Last, but not least, we loved the idea of focusing on this problem because we have seen a lack of innovation in this space: do we need another talent management platform designed for HR managers? One that is mostly a database and builds incredibly beautiful reports for management?Maybe! we couldn’t find a modern solution that gives employees a clear understanding of what they can do, and how and has a modern approach to manage their career, inside and outside the organization. We believe this approach is needed if your employees are part of GenZ and don’t really recognize themselves in old and management-focused enterprise platforms. You will still want reports, data, and a lot of insights, but we need to consider how to keep end-users aligned and engaged with our strategy.

The old idea of career and why that doesn’t exist anymore

What’s the definition of career in 2023?

Nobody thinks of it as a 10 or 15-year journey in the same company, the one where you are moving from one role to another and you end up in executive positions right before your retirement. While in the past people would believe in such model, today employees are constantly looking for companies where they can learn new skills and constantly experience new things. Salary is still an important component, but it’s not the first one while learning and advancing is the first motivation to stay in a job or leave it. Several times their manager is all it takes to stay or leave, some other times that’s a bucket of different things, including the company’s values and the presence of a real career path. I could say that people adapted to a world that is definitely moving faster than in the past. If technology accelerated product and service development for millions of companies worldwide, it did the same for people’s appetite of growing and learning in their jobs.

Technology changed the number of skills and roles you will deal with in your career. Everything is constantly changing and so the title and specializations you had 5 years ago might be completely outdated by now (think about presenting yourself today as a DBA, or database administrator) forcing you to explore new job roles and new career paths every few years. This is already reality for most industries and still not valid in others, but if we move away from tech and look at other spaces, we will keep finding new good examples of how this is expanding to all industries and roles. Companies are currently struggling to find technician, engineers, and all sorts of roles able to support the shift to clean technologies, at different levels and for several skills.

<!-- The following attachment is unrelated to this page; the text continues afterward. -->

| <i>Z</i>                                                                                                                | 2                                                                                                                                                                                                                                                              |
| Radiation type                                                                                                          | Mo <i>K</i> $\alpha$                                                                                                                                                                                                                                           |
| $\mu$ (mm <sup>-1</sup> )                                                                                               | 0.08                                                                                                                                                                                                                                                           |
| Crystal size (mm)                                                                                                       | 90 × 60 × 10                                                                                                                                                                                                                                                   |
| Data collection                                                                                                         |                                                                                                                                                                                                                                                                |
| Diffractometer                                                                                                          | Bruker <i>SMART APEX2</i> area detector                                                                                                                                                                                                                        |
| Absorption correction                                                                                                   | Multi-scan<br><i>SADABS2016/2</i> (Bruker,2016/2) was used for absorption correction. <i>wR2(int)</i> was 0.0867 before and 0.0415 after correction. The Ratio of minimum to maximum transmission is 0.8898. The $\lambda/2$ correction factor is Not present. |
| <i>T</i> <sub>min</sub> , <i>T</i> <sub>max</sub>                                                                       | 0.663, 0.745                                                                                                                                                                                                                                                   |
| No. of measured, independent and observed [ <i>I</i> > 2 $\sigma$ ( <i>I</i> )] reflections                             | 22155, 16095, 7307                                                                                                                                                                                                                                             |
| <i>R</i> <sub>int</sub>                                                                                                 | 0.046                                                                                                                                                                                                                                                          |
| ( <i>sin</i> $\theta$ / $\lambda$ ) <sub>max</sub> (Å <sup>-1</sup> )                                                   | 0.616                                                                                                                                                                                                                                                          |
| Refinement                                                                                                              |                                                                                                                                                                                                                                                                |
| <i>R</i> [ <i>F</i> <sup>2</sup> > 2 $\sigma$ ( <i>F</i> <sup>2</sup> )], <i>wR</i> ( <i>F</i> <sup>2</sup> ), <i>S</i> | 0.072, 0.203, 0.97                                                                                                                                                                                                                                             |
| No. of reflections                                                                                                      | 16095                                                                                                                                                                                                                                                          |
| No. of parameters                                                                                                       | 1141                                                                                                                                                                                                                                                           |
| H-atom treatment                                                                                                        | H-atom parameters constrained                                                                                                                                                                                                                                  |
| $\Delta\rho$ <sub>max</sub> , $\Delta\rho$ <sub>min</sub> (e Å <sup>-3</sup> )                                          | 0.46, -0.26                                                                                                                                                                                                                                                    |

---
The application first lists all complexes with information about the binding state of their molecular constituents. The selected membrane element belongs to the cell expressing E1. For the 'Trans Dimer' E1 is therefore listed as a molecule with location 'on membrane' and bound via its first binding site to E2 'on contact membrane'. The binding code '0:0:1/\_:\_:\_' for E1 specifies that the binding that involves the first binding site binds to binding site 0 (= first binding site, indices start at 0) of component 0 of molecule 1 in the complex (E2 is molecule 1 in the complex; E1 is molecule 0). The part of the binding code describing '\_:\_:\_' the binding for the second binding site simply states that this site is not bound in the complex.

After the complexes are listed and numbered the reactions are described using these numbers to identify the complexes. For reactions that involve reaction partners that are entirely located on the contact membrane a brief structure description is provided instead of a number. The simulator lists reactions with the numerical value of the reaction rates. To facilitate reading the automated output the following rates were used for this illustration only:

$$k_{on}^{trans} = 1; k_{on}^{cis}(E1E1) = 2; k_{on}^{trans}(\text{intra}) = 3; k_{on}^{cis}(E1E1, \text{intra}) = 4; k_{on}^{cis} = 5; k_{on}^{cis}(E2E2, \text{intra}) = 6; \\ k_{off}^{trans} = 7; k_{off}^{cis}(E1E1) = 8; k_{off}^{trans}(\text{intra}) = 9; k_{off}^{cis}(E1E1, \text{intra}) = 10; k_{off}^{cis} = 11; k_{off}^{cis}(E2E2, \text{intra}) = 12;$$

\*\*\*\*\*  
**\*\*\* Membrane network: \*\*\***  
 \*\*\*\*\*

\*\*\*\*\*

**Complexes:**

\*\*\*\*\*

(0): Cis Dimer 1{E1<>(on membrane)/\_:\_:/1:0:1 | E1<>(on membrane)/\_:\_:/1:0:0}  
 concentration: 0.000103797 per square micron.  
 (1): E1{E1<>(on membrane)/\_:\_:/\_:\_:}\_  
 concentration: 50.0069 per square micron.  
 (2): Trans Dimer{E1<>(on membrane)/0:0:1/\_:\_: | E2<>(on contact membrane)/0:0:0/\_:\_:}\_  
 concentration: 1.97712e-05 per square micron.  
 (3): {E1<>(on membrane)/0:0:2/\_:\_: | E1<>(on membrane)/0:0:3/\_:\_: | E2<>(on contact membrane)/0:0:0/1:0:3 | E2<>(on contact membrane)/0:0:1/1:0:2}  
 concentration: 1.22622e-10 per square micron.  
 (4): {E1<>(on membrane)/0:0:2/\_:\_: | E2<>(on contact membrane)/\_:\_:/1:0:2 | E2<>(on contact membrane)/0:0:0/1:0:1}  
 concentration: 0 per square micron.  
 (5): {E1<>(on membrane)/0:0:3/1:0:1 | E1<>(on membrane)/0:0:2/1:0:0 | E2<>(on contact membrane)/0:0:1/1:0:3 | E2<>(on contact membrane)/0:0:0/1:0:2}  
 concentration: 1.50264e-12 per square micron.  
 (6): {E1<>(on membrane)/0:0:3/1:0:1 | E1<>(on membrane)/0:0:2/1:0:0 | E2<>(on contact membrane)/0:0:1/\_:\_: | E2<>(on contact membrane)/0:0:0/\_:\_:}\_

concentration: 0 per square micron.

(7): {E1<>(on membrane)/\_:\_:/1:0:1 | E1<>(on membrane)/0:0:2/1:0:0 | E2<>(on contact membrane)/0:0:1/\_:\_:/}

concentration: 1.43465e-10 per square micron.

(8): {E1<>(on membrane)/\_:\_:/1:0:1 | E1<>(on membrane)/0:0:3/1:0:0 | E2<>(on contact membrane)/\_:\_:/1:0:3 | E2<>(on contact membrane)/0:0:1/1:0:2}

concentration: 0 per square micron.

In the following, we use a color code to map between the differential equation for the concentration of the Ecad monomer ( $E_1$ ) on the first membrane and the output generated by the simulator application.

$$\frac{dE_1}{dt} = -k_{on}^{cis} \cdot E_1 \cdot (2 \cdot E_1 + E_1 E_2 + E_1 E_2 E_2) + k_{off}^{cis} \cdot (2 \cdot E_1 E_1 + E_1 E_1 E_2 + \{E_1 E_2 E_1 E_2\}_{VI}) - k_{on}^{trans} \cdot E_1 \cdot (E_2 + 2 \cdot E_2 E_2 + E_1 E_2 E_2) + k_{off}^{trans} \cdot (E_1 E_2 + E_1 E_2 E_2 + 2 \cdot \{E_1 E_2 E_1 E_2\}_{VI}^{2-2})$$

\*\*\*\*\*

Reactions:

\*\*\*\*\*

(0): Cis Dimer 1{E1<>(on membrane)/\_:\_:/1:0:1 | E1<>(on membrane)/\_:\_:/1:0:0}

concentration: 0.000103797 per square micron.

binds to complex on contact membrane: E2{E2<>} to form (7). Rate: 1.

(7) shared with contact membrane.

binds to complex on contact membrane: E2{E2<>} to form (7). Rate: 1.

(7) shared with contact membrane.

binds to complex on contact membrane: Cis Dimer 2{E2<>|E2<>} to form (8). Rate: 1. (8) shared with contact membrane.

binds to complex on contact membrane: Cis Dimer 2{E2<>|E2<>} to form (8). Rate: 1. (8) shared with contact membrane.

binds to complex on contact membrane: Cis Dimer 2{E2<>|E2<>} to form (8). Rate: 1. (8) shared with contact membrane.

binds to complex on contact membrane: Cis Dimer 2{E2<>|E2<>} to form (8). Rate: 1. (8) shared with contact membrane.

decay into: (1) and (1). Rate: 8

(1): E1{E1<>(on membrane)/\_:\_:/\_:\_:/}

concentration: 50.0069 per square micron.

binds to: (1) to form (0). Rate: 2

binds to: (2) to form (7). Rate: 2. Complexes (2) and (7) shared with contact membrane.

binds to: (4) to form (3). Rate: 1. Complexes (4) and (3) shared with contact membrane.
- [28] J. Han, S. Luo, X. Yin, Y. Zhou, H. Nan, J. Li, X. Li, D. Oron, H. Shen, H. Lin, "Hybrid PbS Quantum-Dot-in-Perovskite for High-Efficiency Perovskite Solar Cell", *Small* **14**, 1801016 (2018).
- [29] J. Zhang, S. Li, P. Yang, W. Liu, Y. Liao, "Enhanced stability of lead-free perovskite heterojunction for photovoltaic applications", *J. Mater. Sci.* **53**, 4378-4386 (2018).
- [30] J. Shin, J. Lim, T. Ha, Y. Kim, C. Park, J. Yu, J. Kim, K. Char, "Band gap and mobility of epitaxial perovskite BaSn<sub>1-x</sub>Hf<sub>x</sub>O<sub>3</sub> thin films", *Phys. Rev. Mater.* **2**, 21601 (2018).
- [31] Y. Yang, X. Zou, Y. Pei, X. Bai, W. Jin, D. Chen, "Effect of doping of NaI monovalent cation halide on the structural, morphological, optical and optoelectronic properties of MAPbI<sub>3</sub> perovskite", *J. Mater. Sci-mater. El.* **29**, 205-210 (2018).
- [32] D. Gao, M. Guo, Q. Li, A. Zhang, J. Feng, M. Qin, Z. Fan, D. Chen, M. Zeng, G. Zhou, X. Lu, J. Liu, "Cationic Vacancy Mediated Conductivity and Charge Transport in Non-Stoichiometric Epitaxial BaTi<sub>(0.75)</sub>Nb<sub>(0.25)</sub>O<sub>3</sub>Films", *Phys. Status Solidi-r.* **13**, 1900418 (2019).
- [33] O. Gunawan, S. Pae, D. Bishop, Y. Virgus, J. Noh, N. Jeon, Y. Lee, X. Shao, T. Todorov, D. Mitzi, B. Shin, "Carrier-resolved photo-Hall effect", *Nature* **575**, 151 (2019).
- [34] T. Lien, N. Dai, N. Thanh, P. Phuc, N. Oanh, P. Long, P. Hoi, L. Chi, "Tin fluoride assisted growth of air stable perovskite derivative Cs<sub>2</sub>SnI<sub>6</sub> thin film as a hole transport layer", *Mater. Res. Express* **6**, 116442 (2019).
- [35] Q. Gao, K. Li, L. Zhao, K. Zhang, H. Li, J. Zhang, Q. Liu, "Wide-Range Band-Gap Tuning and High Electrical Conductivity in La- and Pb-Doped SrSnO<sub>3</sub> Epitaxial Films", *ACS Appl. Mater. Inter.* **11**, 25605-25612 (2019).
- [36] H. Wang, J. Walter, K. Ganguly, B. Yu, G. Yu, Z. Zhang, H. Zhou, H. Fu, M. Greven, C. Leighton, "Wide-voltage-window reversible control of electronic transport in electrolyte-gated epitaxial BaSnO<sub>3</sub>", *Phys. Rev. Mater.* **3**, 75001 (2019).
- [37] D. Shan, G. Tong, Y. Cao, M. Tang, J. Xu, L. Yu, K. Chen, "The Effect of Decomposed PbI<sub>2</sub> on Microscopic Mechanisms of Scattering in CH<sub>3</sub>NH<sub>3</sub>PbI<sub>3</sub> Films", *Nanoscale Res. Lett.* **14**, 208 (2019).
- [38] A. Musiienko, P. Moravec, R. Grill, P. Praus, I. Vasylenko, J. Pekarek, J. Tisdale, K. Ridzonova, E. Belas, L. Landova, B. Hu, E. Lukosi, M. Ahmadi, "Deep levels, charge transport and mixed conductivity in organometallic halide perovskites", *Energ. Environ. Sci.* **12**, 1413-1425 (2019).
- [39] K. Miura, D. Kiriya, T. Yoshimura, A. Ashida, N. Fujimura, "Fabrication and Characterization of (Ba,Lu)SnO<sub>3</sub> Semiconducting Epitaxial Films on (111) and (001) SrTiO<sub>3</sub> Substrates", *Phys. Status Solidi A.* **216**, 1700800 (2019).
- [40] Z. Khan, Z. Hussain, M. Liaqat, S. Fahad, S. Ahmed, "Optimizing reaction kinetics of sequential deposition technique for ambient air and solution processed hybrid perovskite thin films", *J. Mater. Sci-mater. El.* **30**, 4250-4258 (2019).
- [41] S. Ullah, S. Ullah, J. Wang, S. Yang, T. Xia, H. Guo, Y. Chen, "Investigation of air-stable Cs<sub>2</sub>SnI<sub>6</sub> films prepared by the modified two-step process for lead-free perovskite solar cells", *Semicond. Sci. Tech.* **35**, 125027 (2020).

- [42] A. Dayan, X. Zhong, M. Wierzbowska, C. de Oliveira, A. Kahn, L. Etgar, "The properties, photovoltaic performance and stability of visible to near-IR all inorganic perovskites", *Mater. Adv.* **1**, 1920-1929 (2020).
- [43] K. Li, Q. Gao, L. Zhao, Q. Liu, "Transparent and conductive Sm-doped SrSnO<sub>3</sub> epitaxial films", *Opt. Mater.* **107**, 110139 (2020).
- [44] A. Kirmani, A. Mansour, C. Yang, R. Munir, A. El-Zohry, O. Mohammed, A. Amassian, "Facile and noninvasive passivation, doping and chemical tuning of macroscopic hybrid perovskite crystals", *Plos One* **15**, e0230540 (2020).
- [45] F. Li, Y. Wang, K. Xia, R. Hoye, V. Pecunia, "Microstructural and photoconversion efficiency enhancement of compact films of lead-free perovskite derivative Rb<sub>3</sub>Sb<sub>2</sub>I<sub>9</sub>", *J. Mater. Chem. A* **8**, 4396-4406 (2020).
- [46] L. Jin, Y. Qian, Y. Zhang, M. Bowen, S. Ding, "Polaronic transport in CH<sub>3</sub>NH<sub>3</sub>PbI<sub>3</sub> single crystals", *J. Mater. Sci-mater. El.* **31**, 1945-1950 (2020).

If the old idea of career doesn’t exist anymore and skills are constantly evolving, there is another (positive) consequence we should consider. People will move across multiple roles (and departments) in their careers: modern software engineers can move to several commercial and technical roles, and the same is valid for thousands of job roles. Companies need to learn how to exploit this to the advantage of their people and their businesses because more and more people will be able to grow in adjacent departments and in areas where their skills can actually make a difference. Our industry calls this mobility and while it looks like something easy to do, it requires systems, frameworks and guidance for people and companies to adopt it.